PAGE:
Sweetmeats, Jellies and Custards
For the most part Victorian dessert-serving wares – custard cups. Jellies and sweetmeats - were a straightforward evolution of their Georgian forebears and, as such, have little to distinguish them other than the advent of some typically flamboyant decorative twists and turns in common with much of the other Victorian table glass categories we have identified.
Rather than simply repeat this narrative, then, it’s time to consider the content of the vessels – the actual nature of what was served up. We’ve already looked at sweetmeats and jellies – and older ‘custards’ – elsewhere, but what of the archetypal Victorian custards which so often filled these small ‘cups’ ?
For our guides through these somewhat uncertain, choppy and over-sweetened waters, we turn to Eliza Acton and Sarah Hale, writing in the snappily-entitled ‘Modern Cookery In All Its Branches: Reduced to a System of Easy Practice, for the Use of Private Families. In a Series of Receipts, which Have Been Strictly Tested, and are Given with the Most Minute Exactness’, published in 1845
First and foremost must be the ‘Royal Standard” of custards de jour – The Queen’s Custard. This seems fairly straightforward – a dozen fresh egg yolks, three ounces of sugar, a pinch of salt and a pint and a half pint of cream; mix, heat and stir until thickened to the point where it begins to boil, then remove smartly from the heat (very important !) You should then add ‘a wine glass and a half’ of either ‘noyeau, maraschino or cuirrasseau’ (so either almond, cherry or orange flavouring) and then sliced almonds ‘or not, at your pleasure’.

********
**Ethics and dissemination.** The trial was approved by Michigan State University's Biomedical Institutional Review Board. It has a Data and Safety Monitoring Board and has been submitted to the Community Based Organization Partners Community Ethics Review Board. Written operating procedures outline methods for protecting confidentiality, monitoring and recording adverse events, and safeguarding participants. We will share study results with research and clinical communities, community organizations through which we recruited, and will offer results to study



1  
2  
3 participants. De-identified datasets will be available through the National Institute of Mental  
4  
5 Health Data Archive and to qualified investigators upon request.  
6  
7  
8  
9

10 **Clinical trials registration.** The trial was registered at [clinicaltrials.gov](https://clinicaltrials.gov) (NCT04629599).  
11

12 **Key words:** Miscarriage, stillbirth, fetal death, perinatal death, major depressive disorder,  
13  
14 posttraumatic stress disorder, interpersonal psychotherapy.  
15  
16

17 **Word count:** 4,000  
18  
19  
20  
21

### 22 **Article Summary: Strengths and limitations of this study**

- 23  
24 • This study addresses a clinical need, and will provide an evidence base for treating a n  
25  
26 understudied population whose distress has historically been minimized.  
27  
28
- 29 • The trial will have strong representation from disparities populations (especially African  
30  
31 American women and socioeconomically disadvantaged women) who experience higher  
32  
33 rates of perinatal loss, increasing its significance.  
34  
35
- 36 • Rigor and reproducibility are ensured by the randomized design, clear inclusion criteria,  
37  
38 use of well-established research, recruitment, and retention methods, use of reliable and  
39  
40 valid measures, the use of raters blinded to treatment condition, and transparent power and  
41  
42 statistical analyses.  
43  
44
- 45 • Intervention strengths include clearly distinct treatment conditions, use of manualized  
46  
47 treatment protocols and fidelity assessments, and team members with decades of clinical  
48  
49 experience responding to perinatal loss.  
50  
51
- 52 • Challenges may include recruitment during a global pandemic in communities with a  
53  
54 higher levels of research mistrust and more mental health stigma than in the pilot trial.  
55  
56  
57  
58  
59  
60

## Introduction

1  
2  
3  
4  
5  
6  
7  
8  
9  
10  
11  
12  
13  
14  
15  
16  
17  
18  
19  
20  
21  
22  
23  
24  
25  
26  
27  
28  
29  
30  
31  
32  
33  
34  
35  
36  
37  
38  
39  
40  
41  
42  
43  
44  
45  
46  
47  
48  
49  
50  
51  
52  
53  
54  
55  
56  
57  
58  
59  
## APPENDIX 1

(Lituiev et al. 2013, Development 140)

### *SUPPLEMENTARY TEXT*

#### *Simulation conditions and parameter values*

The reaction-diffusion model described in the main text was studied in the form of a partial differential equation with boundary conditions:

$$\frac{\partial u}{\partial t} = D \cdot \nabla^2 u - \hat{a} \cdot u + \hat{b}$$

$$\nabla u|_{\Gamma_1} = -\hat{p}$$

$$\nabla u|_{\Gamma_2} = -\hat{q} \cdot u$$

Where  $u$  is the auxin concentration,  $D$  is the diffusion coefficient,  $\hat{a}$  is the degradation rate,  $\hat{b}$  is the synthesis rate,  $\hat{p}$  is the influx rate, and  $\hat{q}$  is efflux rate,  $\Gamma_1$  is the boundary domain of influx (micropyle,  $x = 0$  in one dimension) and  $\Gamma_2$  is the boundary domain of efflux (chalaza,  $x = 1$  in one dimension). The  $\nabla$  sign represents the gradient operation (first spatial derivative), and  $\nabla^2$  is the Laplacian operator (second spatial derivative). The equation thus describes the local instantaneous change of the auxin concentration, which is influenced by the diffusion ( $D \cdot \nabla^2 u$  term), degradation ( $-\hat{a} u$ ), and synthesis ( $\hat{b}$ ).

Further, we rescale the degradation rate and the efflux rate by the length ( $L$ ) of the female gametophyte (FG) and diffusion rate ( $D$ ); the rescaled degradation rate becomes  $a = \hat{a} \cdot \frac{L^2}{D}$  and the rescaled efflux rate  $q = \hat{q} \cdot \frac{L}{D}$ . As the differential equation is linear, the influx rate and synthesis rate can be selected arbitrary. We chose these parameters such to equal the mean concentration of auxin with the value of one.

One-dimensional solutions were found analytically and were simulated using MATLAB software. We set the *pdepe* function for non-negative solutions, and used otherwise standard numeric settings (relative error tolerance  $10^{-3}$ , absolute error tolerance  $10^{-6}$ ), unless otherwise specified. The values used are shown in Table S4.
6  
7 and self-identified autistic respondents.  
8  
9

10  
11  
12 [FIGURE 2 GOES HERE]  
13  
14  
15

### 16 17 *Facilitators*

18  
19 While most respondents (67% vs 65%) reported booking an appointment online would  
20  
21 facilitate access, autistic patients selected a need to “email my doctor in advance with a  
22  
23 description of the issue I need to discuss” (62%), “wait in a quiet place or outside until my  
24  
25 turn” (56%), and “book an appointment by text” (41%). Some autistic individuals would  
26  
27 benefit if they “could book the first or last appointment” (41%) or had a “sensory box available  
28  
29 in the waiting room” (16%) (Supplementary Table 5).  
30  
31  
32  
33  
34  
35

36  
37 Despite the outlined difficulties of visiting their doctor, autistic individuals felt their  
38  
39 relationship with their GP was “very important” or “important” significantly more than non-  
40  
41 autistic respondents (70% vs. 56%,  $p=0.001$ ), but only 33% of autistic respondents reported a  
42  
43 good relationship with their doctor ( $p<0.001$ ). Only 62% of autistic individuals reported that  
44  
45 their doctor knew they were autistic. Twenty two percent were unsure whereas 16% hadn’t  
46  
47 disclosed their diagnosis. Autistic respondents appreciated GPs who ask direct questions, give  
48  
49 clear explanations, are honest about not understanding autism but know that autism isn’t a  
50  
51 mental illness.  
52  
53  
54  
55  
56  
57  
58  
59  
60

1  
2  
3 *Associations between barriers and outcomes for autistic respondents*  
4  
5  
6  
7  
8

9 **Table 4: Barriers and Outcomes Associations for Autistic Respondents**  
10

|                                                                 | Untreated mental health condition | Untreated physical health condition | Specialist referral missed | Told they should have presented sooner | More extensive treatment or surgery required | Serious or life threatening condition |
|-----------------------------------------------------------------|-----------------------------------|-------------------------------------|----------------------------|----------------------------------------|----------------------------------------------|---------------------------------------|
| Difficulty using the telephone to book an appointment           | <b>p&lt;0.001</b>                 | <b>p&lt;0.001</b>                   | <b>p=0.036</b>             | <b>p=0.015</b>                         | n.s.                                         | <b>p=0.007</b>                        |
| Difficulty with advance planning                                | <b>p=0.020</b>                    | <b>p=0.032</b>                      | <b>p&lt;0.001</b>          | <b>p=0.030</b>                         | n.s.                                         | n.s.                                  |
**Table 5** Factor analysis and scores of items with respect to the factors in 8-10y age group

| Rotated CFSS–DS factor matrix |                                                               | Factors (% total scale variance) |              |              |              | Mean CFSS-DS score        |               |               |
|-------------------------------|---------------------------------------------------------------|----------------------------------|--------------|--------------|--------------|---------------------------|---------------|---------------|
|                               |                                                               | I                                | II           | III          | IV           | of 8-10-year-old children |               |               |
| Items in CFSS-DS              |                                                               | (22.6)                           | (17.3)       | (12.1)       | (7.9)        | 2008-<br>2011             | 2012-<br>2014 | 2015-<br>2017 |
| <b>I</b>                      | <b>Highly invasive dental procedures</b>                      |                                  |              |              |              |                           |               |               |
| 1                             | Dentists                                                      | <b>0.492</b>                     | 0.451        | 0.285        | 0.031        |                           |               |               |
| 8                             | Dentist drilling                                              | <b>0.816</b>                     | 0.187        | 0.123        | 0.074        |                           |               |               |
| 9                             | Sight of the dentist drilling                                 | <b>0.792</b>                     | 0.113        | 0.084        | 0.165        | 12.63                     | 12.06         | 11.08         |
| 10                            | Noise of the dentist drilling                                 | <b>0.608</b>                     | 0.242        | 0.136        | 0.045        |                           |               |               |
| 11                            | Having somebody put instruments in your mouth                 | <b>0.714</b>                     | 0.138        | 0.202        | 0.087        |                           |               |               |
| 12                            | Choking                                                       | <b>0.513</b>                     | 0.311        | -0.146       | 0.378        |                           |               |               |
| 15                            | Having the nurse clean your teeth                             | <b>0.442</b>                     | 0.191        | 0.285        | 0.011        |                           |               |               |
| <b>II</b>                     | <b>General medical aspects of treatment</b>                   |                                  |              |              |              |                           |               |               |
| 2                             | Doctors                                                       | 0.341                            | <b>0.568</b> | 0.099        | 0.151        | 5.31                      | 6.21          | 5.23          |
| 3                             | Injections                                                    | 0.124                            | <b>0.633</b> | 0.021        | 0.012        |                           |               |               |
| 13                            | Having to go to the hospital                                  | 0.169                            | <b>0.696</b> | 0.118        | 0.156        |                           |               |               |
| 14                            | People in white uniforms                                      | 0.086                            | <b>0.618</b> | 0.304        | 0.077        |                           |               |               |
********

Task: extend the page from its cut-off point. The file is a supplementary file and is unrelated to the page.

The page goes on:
Now, depending on which source you choose to believe, Queen Victoria’s favourite drink was said to be either a mixture of claret and malt whisky, a French tonic wine called “Vin Mariani” (the tonic element of which was provided by 92.5 grains of cocaine per fluid ounce !) or hock, so none of the three alternative flavouring liqueurs as above. The name, is therefore, something of a mystery upon which neither Ms Action or Ms Hale have provided any illuminating comment…
If you should determine that your custard of choice be a bastion of sobriety, you may be better off trying Currant Custard. This omits any sort of alcohol but is instead based on a pint of ‘currant juice’, extracted from either white currants, strawberries, cherries or red or white raspberries and enriched with 10 ounces of sugar and just the half a pint of cream; sharpened up with a couple of tablespoons of lemon-juice.
The same basics suffice for both Apple and Quince custards (with an appropriately made juice to start with, of course, and skip the lemon juice for the latter) which brings us smartly on to Chocolate Custard, which sounds very much like the one which would tempt the modern-day palate the most from this brief selection…
‘Dissolve gently by the side of the fire and ounce and a half of the finest rasped chocolate in rather more than a wineglassful of water, and then boil it until it is perfectly smooth; mix with it a pint of milk well flavoured with lemon-peel or vanilla, ad two ounces of fine sugar, and when the whole boils, stir it to eight egg yolks. Put the custard in to a jar or jug, set it into a pan of boiling water, and stir it without ceasing until it is thick. Do not put it into glasses till nearly or quite cold’.
And there you have it, a compendium (albeit in parts) of comestibles which you can now make and serve to suitably impressed dinner guests using your Victorian custard cups, jellies, sweetmeats and other table glass sundries – with our compliments !